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About The Wageworker. (Lincoln, Neb.) 1904-???? | View Entire Issue (March 9, 1906)
WILL M. MAVPIN, EDITOR
Published Weekly at 137 No. 14th St., Lin
coln, Neb. One Dollar a Year.
Entered as second-class matter April 21,
1904, at the postoffice at Lincoln, Neb., under
the Act of Congress of March 3rd, 1879. .
HOW TO BEAT THE INJUNCTION GAME.
Of course there is one way to beat the in
junction game- elect ' honest- and unfettered
judpres to the bench. Judges like Judge Gary
of Illinois, for instance. But that will beat the
injunction only to a certain degree.
There is a better way than that make the
- Now you ask, "How?" . . .
' Well, let us suppose a ease. Suppose the 120
printers of Lincoln went on strike for the eight
hour day, and the employers hustled out and
began importing "rats." They first thing the
union men would do would be to picket the
struck shops, and then, they would attempt to
peacefully persuade the "rats" to quit their
meanness. In the meantime the employers
would . hasten before a judge of the district
court and secure an order enjoining the union
printers from doinpf ' these and many other
things. To violate the order would be con
tempt of court, and that would mean a tine or
imprisonment. If the fine were not paid it
would mean imprisonment just the same.
. Well, suppose those 120 printers calmly pro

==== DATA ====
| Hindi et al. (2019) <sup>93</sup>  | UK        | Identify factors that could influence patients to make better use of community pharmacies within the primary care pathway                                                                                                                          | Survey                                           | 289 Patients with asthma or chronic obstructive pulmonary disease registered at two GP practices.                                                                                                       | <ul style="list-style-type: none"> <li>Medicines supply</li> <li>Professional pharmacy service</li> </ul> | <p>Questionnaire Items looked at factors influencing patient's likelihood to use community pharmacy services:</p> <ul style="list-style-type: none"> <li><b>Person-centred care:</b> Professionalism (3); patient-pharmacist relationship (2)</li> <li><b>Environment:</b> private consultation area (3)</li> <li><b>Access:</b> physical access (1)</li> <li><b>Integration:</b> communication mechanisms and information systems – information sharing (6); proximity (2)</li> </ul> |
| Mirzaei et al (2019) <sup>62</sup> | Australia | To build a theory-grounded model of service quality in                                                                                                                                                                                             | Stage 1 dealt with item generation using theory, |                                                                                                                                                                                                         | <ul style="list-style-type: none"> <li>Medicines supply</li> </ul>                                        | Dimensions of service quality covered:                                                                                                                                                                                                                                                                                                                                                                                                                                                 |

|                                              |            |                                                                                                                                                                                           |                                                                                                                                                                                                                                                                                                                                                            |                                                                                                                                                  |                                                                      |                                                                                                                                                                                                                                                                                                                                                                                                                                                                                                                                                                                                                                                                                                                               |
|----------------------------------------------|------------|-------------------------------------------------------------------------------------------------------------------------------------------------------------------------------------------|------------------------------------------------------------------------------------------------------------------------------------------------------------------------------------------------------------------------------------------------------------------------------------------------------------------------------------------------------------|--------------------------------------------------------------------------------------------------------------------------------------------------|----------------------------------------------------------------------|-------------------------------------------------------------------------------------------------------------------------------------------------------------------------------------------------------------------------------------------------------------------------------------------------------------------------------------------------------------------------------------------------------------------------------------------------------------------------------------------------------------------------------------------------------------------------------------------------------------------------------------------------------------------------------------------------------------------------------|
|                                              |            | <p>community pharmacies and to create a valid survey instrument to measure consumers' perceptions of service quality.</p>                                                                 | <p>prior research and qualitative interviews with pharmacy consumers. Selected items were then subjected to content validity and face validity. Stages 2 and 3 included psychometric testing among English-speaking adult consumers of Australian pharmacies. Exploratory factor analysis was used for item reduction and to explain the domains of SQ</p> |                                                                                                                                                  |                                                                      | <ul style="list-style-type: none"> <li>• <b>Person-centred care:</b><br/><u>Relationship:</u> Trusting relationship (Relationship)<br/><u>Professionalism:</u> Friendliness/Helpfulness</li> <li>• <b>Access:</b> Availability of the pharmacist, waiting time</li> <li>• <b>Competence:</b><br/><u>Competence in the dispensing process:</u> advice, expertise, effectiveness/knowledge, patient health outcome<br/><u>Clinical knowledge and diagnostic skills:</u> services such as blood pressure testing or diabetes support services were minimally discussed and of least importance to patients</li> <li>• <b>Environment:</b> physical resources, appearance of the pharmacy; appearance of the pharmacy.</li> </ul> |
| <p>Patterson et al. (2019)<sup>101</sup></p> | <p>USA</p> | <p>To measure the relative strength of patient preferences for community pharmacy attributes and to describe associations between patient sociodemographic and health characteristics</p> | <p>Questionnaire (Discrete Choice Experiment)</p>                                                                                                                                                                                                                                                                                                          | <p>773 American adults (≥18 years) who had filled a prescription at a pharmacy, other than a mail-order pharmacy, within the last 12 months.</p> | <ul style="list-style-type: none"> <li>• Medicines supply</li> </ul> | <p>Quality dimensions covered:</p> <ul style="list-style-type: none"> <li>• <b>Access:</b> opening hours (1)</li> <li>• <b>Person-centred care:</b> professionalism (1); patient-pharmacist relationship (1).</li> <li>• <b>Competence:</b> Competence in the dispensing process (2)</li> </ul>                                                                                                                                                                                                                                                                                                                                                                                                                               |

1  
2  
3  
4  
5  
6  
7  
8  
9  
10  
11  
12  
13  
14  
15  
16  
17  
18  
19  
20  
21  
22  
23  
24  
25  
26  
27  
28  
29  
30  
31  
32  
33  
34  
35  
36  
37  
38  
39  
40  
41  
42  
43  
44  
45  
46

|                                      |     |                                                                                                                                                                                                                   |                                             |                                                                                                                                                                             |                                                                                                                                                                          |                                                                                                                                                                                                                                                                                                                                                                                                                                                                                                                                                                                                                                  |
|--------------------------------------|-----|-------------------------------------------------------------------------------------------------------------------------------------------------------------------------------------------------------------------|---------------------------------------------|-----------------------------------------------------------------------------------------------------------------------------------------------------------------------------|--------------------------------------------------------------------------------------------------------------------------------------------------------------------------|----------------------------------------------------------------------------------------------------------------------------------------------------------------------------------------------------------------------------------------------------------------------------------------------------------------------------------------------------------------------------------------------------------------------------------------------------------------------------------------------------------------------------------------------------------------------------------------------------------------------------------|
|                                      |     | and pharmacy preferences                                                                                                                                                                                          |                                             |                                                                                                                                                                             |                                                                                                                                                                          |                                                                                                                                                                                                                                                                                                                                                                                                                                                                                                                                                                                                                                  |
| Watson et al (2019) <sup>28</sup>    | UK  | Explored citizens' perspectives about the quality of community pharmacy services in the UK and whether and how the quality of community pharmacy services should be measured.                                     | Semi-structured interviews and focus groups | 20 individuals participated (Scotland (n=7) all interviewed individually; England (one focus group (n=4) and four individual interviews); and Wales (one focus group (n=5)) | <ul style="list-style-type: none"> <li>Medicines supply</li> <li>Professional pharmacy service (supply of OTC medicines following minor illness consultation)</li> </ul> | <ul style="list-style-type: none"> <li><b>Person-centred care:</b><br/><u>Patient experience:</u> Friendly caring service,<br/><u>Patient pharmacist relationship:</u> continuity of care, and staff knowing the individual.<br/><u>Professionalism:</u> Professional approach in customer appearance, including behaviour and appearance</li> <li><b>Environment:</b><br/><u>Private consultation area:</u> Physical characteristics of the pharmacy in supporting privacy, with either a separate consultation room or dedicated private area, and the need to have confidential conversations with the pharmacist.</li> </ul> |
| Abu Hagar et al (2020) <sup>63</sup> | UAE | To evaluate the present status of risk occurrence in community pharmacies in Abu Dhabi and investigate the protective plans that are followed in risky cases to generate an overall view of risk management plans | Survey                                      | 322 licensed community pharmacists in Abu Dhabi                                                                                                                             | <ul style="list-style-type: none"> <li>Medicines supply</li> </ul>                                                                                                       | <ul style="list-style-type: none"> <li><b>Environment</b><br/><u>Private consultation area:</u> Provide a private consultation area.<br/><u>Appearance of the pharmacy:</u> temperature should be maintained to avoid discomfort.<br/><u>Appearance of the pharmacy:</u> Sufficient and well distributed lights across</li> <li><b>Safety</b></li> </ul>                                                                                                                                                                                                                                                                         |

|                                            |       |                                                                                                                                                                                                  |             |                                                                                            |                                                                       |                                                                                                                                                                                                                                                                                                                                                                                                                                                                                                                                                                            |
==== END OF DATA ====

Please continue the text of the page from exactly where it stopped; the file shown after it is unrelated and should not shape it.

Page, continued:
ceeded to violate the injunction and cheerfully
went to jail. And then their wives would take
up the work of picketing and peacefully per
suading, and they would be sent to jail.
And then the sons and daughters would take it
up, and they would be sent to jail.
How long would the taxpayers stand for that
sort o thing? And how, long would it be be
fore an Hroused public opinion would figura
tively take that judge by the nape of the neck
niit; throw him over the transom?
There would be no disgrace about going to
jail in such a cause. On the contrary it would
be an honor, wouldn't it?
That's the proper way to beat this infernal
and damnable injunction game.
Why, Judge lloldom of Chicago actually
fined Chicago Typographical Union No. 16
$1,000.' Suppose the union refuses to pay the
fine. It hasn't any property to be levied upon,
and if the individual members refuse to dig up
the thousand they will be in contempt of llol
dom, will they not? Now what is lloldom going
to do about? Send the 4,000 union printers of
Chicago to jail for contempt?
Not on your life. He couldn't. The people
wouldn't stand for it. There are not enough
jails in Illinois to hold them all. Besides, if
lloldom 'tried it he would be ridiculed oft' the
face of the earth. i
Let us ridicule the injunction out of busi
ness. While we are doing.it we will bejridi-t-ulinifa
lot of cheap, subservient judicial tools
off the bench.
It would be an honor to go to jail for being
in contempt of a whole lot of judges we know,
lloldom of Chicago, for instance. And Sears
of Omaha. A million years in jail wouldn't
purge us of the contempt we feel for that pre
TO PROSPECTIVE CANDIDATES.
Quite a large number of patriotic gentlemen
have bravejy stepped forward '. with the an
announcement that they are willing to sacrifice
their personal interests in order to advance the
public weal, and are therefore willing to ac
cept political jobs carrying fat salaries and
entailing no particular amount of work. The
Wageworker joins' in the applause that greets
these self-sacrificing patriots, but stops the
press long enough to announce that if they
want to make their self-sacrifice known to all
men they should immediately call at the busi